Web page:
🍂Autumn has well and truly arrived and the last of the summer sun has gone. Life in the British countryside is getting sleepy, slowly fading into a winter slumber full of frosty mornings and naked hedgerows. But for the ocean, this time of year brings a whole new wave of life and it's not too late to see it.

🍃Most animals wait until the turn of spring to have their young, but unlike most, seals give birth to their pups in the autumn. Although scientists are not quite sure why it's thought that after a summer of gorging on fish, the mothers are in great shape making it the best time to raise a pup successfully.

📍In the UK we have two species of seal; Harbour seals (also known as Common seals) and Grey seals. Both are beautiful but can be a little tricky to tell apart, especially for the untrained eye. Here's an I.D guide by the Marine Mammal Research Unit if you want to give it a go!

🗺So where can you find these cute sausages? Baby grey seal 👇

⭐️Here is a list of some of my top picks to spot mothers and their fluffy pups. I haven't been to all these places but I've done as much research as possible to give you a varied guide for options all across the UK.

1. 📍Blakeney Point, Norfolk

This vast, 4-mile long sand spit is a dynamic landscape. Laced with sand dunes which shelter quilts of salt marshes and tidal mudflats, it's home to one of the largest grey seal rookeries in the UK, with harbour seals frequenting its beaches too. The best way to see them here is by boat and daily trips leave from Morsten Quay throughout the season. This will give you a great chance to see them hauled up on beaches, and if you are lucky, even playing in the water.

2. 📍Farne Islands, Northumberland

This is arguably the best place in the UK to not only see but interact with seals (more on the ethics of interacting with wildlife below!). Again, like Blakeney, these off-shore islands are mainly populated with grey seals. You can access the islands through regular boat charters which are run by a number of small companies. However, unlike other places, charters run a number of snorkelling and diving trips, giving you the opportunity, if lucky, to get closer than ever to these beautiful creatures - yes please!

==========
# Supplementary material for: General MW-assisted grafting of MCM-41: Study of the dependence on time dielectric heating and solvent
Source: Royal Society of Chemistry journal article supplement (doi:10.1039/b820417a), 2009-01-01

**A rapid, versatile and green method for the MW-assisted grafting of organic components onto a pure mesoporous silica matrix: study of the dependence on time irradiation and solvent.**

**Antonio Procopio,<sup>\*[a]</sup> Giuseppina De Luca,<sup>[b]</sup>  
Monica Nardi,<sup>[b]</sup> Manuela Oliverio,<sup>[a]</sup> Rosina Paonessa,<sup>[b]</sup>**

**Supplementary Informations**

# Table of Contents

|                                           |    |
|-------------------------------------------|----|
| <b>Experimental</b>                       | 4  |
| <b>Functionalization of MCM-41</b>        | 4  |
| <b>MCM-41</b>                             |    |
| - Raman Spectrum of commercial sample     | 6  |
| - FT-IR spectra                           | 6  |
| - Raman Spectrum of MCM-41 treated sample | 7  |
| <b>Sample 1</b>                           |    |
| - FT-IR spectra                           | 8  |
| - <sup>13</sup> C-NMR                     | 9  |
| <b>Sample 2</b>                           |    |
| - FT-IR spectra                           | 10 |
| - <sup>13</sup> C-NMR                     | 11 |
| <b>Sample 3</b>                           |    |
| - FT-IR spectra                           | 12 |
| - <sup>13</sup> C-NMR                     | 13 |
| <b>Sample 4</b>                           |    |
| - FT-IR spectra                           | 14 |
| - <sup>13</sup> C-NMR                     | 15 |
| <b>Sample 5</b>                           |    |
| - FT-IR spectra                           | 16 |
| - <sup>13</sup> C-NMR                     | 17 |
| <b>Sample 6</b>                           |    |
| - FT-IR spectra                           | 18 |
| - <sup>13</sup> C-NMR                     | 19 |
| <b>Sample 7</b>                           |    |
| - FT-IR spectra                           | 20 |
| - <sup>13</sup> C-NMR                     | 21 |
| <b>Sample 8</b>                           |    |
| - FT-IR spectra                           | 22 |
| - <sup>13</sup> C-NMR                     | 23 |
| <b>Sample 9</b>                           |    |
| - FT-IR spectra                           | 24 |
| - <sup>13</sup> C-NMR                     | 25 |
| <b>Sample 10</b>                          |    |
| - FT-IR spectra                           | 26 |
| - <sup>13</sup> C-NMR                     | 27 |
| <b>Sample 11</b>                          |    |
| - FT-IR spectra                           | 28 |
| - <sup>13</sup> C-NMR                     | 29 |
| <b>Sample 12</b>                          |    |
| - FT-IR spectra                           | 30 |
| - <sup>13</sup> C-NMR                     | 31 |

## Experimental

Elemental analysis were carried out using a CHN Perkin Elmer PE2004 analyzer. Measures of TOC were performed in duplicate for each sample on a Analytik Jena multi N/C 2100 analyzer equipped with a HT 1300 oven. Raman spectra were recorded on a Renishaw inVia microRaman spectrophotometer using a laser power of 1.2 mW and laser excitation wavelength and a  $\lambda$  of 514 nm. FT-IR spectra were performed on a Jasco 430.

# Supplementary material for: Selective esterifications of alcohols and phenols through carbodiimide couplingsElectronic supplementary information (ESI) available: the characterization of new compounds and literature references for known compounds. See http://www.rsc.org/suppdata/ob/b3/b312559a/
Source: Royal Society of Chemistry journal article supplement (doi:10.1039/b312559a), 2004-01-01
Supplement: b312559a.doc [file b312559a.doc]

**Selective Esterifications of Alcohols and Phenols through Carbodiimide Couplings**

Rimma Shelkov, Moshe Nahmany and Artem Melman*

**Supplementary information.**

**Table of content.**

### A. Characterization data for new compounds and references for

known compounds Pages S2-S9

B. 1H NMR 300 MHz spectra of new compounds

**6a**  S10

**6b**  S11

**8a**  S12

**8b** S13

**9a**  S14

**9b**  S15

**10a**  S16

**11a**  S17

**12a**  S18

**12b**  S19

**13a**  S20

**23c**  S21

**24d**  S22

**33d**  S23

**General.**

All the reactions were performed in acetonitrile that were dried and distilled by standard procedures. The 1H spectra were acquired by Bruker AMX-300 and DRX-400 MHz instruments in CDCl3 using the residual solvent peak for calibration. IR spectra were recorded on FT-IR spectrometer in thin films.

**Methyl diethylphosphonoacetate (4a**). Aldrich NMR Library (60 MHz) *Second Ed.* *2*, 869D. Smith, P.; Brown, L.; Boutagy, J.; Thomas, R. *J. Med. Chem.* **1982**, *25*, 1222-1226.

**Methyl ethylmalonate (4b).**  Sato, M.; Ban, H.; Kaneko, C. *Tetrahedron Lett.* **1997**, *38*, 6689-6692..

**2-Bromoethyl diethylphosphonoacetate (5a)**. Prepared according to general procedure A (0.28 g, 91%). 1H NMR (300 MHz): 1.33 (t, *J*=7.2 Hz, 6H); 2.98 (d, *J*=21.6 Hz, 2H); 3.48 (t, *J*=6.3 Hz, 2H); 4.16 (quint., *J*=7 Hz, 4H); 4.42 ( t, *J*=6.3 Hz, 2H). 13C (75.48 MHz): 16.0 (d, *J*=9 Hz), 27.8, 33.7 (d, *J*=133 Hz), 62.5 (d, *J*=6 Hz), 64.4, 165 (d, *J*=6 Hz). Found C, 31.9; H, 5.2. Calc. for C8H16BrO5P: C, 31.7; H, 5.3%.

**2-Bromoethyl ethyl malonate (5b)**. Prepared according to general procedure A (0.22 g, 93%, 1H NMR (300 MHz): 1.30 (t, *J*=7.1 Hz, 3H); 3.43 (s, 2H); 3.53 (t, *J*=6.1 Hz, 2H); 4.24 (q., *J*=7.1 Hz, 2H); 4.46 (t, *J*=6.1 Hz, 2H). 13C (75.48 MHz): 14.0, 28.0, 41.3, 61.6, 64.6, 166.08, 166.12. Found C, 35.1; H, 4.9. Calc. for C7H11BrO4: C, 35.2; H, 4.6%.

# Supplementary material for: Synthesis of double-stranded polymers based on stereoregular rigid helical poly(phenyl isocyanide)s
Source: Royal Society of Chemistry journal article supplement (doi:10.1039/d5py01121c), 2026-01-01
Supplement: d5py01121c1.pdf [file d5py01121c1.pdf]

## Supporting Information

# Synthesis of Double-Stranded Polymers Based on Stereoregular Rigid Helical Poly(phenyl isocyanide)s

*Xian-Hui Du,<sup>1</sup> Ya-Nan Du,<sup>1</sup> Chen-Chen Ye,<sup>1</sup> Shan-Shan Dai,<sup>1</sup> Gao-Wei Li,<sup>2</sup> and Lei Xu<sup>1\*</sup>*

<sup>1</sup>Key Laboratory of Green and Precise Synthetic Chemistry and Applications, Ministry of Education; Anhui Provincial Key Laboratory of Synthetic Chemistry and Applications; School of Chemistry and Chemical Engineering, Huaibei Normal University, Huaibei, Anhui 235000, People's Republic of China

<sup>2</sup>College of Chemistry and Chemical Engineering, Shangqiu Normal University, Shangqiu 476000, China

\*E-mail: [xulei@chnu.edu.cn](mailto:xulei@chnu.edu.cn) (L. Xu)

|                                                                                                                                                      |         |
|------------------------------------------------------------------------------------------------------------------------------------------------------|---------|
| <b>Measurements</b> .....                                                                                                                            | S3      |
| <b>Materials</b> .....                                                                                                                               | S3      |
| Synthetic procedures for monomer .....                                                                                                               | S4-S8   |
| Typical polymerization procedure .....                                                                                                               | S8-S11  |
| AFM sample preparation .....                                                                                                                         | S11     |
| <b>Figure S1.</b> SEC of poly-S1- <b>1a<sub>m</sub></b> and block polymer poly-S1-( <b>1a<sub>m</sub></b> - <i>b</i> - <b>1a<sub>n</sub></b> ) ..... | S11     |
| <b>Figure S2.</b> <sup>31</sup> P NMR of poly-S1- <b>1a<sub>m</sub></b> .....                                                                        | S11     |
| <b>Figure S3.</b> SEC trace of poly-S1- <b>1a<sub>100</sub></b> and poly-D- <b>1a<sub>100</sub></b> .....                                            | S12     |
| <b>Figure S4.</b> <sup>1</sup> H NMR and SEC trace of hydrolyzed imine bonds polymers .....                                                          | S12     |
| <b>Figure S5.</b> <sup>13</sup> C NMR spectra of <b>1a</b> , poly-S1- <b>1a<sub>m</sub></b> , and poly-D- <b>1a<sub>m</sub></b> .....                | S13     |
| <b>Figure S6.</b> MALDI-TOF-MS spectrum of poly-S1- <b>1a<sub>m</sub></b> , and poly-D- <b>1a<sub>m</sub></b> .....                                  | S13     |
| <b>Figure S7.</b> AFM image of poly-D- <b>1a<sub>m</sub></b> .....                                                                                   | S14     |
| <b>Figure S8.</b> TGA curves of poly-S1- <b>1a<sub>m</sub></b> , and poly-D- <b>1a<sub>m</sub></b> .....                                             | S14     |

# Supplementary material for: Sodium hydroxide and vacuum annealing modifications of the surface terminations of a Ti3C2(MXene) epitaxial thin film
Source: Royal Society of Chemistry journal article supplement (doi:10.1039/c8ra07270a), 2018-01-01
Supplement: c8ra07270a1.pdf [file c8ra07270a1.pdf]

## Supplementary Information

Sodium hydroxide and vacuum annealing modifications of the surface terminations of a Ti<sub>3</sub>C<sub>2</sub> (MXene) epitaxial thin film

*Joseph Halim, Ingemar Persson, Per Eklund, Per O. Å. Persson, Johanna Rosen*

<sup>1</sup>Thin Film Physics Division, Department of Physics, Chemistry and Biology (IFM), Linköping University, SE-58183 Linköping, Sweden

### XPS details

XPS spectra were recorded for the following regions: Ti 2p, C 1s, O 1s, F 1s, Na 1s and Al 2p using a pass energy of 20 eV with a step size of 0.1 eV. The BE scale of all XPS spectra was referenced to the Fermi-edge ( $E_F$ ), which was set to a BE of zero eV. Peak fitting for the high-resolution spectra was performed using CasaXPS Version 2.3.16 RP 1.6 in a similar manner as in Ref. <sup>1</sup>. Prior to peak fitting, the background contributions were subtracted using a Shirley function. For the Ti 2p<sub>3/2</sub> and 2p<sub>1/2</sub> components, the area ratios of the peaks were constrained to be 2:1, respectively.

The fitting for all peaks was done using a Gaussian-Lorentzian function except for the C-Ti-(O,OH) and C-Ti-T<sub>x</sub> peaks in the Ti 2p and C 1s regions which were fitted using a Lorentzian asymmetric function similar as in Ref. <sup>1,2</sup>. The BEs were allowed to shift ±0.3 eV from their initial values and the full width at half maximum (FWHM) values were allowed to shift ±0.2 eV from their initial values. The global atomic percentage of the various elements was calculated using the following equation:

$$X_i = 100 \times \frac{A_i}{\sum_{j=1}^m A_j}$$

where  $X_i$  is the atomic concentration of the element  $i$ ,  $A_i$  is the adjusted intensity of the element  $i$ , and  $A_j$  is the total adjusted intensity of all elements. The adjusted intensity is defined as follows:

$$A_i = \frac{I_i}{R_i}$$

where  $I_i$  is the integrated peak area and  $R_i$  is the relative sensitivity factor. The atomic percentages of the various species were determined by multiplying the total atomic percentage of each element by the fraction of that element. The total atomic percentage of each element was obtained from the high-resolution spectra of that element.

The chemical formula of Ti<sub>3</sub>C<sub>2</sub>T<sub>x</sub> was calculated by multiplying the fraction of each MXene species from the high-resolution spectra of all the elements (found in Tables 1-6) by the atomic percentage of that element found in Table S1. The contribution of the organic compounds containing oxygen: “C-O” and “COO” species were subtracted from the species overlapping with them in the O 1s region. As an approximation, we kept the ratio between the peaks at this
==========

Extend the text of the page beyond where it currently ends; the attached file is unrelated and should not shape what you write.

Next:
3. 📍Pembrokeshire Coastline, Wales

Naturally, being from this part of the world, I had to plug it in the list somewhere!

From boat trips to coastal rambles, Pemb's has infinite opportunities to see seals, with them inhabiting almost every cove along its 180-mile long coastline. And without an ounce of bias, it's the most beautiful place in Britain - even more reason to visit!

🛥Take a short boat ride to the unspoilt RSPB nature reserve of Ramsey Island where you'll find grey seals hauled up on every rocky shore at the feet of its steep craggy cliffs. There's also a good chance you'll get to see porpoises along the way having seen them many times when on boat trips around the coast here!

🚶But if you'd rather keep your feet on solid ground, why not go for a walk along the coastline? I'd suggest walking the coastal path around Marloes peninsula. Here's a National Trust map for a suggested route. You're also not far from Dale here - a small seaside town where my great-great-grandmother grew up. Importantly, it has a quaint beachside cafe and pub for a well-earned refreshment post seal searching.

Harbour seal muma and pup!👇

4. 📍Mutton Cove, Godrevy Point, Cornwall

A short walk from a National Trust carpark, this cliff-top perch will give you a birds-eye view of a well-established grey seal rookery with the rugged coastline as a scenic backdrop. Here you can watch from afar without the fear of disturbing the seals and get a good look at lots of them at once. And who doesn't enjoy a cliff-top picnic? I do!

5. 📍Donna Nook, Lincolnshire

This is another great spot on the east coast of England with easy access from a car-park near-by. This reserve is managed by the Lincolnshire Wildlife Trust and to ensure the welfare of the seals, a fenced viewing area has been erected making sure people maintain a safe distance. However, a fence doesn't stop you from getting a good view, with some mothers choosing to have their pups right next to the fence! Something to be aware of is that the car-park is small, you have to pay and it gets busy at this time of year. But if all that doesn't put you off then this place may well seal the deal for you.

6. 📍Moray Firth & Orkney, Scotland